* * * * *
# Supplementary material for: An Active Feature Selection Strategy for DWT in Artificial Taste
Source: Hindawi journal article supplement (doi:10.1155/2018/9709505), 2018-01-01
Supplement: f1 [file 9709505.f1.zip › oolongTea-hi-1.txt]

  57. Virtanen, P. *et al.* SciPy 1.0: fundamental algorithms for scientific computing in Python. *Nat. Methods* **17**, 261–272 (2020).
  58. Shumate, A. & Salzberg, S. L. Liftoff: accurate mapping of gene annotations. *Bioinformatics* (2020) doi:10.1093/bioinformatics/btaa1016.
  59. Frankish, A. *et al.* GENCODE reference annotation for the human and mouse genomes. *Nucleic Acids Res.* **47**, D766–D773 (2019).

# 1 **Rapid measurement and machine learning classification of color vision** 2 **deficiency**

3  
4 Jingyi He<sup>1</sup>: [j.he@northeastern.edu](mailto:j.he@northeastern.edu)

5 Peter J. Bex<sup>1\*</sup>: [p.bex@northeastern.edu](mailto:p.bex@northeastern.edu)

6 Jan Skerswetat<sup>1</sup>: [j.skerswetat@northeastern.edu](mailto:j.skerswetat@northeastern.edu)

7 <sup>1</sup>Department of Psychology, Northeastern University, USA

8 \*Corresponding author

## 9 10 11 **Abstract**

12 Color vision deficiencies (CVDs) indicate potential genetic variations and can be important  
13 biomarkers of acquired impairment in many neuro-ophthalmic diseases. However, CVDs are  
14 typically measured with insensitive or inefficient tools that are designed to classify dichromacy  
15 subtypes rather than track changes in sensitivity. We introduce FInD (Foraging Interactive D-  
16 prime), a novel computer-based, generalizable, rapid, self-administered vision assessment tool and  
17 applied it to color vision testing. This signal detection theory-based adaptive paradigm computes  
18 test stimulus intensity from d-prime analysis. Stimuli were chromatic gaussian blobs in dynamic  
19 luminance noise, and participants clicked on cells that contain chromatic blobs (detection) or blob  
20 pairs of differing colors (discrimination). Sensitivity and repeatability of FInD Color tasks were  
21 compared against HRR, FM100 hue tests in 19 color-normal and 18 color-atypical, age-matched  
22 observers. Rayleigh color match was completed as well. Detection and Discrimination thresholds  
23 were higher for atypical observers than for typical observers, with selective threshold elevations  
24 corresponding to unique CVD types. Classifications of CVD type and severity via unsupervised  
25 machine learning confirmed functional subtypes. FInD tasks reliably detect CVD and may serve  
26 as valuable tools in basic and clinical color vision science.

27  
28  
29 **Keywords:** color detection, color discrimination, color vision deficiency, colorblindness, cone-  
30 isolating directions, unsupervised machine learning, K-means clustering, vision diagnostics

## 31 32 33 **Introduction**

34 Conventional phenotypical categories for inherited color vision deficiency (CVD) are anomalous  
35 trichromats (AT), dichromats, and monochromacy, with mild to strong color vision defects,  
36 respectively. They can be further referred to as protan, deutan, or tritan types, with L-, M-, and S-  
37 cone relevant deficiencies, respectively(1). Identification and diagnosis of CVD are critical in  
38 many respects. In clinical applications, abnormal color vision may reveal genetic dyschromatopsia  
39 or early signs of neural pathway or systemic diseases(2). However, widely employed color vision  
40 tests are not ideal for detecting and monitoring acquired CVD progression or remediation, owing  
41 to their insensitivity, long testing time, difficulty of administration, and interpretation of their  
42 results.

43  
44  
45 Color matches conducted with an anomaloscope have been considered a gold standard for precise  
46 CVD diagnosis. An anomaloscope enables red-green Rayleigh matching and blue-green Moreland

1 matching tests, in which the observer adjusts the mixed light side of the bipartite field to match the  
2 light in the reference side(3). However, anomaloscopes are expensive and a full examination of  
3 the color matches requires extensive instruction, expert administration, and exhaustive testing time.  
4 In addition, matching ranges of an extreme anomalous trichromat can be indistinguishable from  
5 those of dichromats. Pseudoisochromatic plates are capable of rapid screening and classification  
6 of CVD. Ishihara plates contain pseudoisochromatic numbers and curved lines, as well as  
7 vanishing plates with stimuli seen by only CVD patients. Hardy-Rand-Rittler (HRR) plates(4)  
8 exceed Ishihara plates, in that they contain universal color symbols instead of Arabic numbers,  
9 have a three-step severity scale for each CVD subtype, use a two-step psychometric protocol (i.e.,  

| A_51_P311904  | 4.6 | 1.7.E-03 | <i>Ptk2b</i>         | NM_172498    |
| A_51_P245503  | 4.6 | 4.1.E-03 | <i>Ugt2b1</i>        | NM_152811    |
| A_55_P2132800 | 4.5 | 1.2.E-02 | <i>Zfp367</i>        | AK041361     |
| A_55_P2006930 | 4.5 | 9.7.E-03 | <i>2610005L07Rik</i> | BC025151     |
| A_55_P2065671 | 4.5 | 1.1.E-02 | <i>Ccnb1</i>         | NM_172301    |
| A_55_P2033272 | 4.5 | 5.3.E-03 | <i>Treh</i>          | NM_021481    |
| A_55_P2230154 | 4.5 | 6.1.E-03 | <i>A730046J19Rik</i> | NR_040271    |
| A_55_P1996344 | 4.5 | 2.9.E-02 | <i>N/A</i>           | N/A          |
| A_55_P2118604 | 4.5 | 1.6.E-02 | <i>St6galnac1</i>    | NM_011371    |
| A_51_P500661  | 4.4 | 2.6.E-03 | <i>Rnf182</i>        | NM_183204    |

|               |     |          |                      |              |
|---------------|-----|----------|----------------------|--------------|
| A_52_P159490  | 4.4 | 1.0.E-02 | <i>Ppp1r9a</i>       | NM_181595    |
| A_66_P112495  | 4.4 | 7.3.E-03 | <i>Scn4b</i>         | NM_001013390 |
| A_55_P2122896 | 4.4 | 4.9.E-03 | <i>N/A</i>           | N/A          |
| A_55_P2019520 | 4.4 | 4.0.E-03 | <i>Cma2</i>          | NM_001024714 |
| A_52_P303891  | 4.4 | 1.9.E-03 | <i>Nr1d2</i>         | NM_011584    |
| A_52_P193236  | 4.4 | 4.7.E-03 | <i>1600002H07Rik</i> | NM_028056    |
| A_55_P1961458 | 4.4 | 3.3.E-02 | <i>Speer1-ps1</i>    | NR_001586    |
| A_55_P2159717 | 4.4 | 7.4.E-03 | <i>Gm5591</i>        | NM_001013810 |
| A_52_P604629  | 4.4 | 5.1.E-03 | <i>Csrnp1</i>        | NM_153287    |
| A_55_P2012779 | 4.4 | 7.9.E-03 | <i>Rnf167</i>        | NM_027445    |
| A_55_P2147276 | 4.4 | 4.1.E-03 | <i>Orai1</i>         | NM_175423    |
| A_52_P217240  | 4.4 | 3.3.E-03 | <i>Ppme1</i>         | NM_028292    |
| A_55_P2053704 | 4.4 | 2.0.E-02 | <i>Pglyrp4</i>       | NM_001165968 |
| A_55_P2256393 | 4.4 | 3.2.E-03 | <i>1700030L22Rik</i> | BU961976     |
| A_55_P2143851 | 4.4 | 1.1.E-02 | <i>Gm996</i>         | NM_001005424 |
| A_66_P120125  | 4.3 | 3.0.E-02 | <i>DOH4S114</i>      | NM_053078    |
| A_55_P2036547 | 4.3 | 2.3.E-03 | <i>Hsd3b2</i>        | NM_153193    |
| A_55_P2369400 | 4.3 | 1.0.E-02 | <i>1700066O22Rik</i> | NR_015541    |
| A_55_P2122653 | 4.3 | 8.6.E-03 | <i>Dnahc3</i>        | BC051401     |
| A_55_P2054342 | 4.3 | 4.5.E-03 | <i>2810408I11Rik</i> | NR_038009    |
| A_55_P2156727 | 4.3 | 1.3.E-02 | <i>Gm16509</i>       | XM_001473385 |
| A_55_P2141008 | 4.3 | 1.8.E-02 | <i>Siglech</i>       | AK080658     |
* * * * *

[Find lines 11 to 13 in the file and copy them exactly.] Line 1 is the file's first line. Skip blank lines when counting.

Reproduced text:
6 Jan Skerswetat<sup>1</sup>: [j.skerswetat@northeastern.edu](mailto:j.skerswetat@northeastern.edu)

7 <sup>1</sup>Department of Psychology, Northeastern University, USA

8 \*Corresponding author